Tracking endangered whale sharks to improve habitat conservation

 About 3% of the world’s oceans are currently designated as Marine Protected Areas (MPAs), to provide critical habitat for marine animals to thrive without human-made pressures like fishing or commercial traffic. However, it remains unknown whether the existing network of MPAs provides adequate protection for many endangered or threatened marine animals. This is particularly true for migratory animals such as sharks, which can be elusive and difficult to locate during their long-distance travel. Because these highly mobile animals utilize a range of habitats throughout their lives and travel along largely unprotected migration routes, migratory marine animals may be especially susceptible to dangers such as fishing, habitat disturbance, and other forms of human interference. Therefore, a better understanding of habitat use and movement patterns of migratory animals is essential for the development of  conservation strategies.

A new study by Reynolds et al. uses satellite telemetry to track the migration patterns of the largest fish on earth, the whale shark Rhincodon typus. Added to the IUCN Red List as an endangered species in 2016, whale sharks are currently threatened by human activities such as fishing, marine pollution and commercial shipping, and are in greatest danger when they range outside of protected habitats. Though whale sharks are known to aggregate in protected coastal areas for several months each year, these large fish are highly migratory and the extent to which they remain in MPAs during their yearly movements remains unknown.

Working at the Ningaloo Reef off the western coast of Australia, Reynolds et al. tagged 29 whale shark individuals over 5 years to determine their movements through the Indian Ocean. The tags, which communicated with a network of satellites, were attached to the flank or dorsal fins of the sharks and designed to release 6-12 months after deployment. From these data, the authors were able to create a movement map for each of the sharks. They found that though many of the whale sharks spent much of the year in MPAs, particularly along the protected Ningaloo Reef, the sharks often ranged into unprotected areas along the western Australian coast and Indonesia. Surprisingly, though the sharks showed a preference for warm By Derek Keats from Johannesburg, South Africa - Whale shark, Rhincodon typus, at Daedalus in the Egyptian Red Sea., CC BY 2.0, https://commons.wikimedia.org/w/index.php?curid=61113934coastal habitat, they were also occasionally found in deep waters far from the coast. Based on these results, the authors were able to identify areas that require increased protection for these sharks.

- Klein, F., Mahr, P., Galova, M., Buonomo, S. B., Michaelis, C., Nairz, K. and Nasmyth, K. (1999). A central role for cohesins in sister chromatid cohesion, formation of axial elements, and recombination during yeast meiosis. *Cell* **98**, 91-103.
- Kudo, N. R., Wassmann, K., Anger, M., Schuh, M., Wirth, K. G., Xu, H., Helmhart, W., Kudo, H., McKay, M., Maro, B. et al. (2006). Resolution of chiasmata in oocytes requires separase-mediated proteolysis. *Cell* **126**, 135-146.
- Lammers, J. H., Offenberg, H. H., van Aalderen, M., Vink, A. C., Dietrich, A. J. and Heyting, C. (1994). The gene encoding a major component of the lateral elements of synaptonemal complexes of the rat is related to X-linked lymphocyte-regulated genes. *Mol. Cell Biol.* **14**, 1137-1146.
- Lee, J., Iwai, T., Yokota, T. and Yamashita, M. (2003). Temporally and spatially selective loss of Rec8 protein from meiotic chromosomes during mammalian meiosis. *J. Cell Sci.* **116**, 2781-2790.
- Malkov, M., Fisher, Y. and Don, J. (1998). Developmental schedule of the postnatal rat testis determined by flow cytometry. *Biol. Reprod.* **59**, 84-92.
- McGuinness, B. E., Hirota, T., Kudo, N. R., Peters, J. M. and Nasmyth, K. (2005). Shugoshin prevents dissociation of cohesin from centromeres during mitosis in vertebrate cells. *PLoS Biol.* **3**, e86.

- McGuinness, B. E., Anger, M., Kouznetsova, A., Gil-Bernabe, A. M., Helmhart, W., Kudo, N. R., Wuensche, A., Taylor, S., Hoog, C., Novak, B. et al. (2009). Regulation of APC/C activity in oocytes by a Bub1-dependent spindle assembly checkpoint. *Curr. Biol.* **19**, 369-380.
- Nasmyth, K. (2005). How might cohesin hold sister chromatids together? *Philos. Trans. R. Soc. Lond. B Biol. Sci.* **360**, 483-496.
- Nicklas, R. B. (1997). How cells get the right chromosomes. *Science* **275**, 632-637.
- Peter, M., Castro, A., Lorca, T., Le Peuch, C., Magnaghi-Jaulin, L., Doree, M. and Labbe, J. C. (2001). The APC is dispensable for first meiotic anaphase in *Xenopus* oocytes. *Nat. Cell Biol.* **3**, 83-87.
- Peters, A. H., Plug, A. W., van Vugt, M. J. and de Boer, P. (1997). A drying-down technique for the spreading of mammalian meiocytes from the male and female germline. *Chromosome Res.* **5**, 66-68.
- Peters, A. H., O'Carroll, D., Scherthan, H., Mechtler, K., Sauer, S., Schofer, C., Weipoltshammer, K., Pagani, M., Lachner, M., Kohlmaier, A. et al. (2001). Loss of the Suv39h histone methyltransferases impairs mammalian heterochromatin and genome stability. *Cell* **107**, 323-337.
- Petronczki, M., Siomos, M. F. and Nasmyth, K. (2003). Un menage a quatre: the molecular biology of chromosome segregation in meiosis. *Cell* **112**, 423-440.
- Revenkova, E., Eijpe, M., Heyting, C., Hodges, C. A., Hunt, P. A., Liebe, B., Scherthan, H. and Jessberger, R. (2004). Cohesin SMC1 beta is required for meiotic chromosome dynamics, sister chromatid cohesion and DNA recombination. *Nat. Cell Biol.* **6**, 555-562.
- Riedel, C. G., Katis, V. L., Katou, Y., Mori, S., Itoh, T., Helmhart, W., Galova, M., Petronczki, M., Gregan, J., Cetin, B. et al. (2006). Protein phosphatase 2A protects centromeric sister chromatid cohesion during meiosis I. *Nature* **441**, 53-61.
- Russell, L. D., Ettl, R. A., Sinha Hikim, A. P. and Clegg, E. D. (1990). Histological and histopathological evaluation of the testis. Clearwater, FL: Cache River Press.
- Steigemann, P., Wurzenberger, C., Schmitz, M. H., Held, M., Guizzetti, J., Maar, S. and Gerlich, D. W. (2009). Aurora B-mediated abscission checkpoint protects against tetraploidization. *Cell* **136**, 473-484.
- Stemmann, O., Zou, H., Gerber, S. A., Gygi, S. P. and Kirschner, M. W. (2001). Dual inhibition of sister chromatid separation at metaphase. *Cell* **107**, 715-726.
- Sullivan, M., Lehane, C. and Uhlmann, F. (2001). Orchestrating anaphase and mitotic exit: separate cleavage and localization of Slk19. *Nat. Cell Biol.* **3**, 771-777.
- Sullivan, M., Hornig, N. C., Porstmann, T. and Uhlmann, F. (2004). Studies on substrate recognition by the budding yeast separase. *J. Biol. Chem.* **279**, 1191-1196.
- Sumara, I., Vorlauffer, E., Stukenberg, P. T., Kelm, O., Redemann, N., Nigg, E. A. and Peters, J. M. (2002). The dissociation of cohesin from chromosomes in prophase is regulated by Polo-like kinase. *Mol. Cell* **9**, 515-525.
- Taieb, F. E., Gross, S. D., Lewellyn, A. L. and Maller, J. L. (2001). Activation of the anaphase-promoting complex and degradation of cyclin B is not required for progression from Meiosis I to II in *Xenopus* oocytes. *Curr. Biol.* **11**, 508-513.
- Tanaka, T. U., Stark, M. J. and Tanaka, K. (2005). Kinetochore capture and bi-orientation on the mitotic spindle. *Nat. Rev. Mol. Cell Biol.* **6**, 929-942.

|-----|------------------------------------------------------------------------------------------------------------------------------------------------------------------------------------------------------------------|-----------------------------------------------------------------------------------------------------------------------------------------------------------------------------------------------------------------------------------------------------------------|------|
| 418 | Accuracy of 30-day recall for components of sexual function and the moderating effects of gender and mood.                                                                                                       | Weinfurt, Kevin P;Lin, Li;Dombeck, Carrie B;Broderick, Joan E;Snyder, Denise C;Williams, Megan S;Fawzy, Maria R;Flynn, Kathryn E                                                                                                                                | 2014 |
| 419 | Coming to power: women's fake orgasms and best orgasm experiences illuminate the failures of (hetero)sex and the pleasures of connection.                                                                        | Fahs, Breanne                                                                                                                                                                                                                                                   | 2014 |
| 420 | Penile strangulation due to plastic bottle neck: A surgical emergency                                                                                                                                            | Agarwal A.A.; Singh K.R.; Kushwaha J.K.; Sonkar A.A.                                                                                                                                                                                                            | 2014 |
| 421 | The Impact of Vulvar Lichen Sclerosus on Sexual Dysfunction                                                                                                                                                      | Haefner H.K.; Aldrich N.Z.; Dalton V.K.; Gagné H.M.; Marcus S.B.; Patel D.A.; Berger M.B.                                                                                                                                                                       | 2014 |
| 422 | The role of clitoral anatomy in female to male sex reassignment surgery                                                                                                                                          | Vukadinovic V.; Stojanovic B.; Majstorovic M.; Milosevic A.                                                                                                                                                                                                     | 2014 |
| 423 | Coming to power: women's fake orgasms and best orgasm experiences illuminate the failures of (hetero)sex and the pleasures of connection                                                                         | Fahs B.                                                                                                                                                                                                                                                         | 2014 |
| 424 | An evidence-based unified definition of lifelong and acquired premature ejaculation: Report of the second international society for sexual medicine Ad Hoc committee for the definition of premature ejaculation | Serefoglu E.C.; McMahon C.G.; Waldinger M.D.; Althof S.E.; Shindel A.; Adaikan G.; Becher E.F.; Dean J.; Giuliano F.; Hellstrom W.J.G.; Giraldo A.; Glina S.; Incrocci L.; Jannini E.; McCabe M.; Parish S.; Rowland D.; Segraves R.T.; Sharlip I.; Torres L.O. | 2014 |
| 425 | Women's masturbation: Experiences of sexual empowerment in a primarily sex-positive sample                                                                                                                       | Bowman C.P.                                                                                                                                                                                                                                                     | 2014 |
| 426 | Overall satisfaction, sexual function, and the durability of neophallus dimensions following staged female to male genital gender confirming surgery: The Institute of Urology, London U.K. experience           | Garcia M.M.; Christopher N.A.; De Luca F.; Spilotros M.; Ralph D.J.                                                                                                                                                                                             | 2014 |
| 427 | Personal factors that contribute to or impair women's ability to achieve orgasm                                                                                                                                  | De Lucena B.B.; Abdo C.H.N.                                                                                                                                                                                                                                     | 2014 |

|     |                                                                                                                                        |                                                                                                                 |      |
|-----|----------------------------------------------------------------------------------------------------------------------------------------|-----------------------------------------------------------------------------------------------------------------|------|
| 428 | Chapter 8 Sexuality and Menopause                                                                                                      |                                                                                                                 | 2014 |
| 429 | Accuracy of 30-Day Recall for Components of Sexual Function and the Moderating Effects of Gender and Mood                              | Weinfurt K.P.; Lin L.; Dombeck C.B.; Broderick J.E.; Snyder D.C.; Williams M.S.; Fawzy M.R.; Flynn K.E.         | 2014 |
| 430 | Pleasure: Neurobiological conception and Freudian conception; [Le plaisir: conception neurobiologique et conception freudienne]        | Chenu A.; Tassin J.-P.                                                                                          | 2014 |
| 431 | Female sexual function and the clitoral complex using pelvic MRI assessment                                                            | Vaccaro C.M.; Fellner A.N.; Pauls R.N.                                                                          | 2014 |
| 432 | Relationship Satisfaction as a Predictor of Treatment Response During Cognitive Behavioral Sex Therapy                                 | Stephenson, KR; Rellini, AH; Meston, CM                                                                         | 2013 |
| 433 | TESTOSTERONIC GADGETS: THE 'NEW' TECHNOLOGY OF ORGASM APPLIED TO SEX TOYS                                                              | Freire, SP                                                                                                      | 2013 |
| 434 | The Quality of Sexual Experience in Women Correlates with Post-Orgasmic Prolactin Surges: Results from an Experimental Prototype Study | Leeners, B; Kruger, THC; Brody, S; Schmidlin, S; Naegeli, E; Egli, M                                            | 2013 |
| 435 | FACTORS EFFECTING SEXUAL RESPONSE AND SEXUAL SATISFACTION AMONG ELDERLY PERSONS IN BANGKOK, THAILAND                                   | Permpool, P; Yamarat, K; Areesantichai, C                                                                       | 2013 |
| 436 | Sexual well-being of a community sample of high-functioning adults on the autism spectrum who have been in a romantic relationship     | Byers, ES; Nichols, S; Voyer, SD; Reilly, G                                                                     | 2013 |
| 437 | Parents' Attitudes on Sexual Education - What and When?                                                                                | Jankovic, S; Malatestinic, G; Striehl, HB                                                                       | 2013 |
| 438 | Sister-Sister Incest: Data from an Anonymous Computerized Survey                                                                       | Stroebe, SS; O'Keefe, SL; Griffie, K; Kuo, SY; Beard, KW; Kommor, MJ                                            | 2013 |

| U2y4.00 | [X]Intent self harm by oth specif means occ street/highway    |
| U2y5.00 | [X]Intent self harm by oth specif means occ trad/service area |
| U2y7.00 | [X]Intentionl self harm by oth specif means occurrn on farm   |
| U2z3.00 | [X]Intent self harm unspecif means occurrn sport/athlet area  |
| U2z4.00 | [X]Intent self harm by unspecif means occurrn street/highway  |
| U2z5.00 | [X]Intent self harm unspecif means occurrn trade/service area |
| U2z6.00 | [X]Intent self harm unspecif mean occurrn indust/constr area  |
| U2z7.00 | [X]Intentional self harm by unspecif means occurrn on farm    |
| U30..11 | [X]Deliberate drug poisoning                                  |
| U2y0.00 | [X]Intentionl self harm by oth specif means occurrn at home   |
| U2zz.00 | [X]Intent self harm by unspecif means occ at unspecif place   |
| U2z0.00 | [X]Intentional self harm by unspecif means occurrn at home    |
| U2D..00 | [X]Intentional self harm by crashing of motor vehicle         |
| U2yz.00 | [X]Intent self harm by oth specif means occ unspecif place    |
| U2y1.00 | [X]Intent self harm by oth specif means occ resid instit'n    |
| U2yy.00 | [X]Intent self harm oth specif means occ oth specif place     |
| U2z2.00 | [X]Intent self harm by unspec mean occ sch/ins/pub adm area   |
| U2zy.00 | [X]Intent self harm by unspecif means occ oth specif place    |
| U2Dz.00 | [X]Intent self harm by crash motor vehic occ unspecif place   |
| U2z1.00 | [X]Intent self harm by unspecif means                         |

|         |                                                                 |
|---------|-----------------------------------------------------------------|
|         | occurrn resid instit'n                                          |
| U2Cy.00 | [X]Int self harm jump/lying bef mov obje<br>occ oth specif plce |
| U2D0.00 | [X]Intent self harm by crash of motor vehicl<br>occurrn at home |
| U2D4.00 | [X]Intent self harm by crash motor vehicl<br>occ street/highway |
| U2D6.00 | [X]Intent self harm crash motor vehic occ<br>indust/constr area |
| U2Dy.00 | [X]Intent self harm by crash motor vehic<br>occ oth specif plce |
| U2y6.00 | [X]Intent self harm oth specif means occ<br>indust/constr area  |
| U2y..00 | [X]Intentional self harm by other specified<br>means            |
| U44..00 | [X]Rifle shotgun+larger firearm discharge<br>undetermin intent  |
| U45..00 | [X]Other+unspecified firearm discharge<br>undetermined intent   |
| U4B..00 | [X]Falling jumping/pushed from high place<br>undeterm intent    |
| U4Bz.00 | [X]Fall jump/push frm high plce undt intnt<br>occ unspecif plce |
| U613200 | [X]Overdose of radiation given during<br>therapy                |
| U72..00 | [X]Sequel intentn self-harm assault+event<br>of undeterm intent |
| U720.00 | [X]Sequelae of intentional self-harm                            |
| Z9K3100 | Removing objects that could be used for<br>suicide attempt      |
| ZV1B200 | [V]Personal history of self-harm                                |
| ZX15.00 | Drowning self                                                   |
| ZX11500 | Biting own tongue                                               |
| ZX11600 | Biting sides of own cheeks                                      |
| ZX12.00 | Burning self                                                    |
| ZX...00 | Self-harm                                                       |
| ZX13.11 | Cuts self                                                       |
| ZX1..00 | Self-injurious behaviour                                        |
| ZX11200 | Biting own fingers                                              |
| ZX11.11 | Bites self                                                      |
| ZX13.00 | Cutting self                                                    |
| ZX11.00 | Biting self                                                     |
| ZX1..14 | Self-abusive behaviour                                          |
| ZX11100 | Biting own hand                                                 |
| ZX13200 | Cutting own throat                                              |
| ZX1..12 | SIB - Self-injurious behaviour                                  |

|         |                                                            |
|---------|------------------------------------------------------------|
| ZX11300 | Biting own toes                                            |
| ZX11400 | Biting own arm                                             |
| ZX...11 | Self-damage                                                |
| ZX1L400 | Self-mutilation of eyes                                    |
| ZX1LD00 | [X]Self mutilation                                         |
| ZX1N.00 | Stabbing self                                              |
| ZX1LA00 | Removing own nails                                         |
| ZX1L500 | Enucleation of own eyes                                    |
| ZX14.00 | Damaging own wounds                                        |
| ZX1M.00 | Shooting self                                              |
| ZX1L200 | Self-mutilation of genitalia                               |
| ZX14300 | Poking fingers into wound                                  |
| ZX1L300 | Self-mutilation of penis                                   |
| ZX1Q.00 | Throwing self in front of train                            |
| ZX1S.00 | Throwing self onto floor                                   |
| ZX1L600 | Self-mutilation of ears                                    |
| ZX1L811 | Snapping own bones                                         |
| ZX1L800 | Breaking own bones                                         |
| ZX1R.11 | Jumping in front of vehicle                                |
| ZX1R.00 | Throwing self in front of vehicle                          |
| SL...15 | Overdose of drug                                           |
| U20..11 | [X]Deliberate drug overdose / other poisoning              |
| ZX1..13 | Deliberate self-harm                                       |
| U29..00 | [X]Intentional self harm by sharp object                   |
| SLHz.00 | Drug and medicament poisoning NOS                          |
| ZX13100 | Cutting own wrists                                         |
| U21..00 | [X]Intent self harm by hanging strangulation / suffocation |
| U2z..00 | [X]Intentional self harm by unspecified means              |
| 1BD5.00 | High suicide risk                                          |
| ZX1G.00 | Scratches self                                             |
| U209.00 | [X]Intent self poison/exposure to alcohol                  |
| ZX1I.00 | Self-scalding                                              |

Movement studies like this one are vital for planning networks of protected areas that adequately encompass important habitat throughout the entire life cycle of threatened animals. For the whale sharks, future conservation should focus on increasing protections in areas commonly occupied by the sharks such as reefs and shallow waters along the coastline, but should also incorporate shark migration pathways through deeper waters and along unprotected coastline where sharks may be particularly susceptible to human interference. Efforts such as restriction of tourism and commercial boating will allow whale sharks to move without harm between their primary habitats, thus protecting this endangered giant.

Resources

Reynolds, S.D., Norman, B.M., Beger, M., Franklin, C.E., and Dwyer, R.G. 2017. Movement, distribution and marine reserve use by an endangered migratory giant. Diversity and Distributions 23 (11): 1268-1279.

2017-11-27T15:50:52+00:00 October 31st, 2017|

About the Author:

Sean Griffin
Sean Griffin is a PhD student at the Kellogg Biological Station at Michigan State University where he studies wild bee conservation and the effects of habitat corridors on bee dispersal.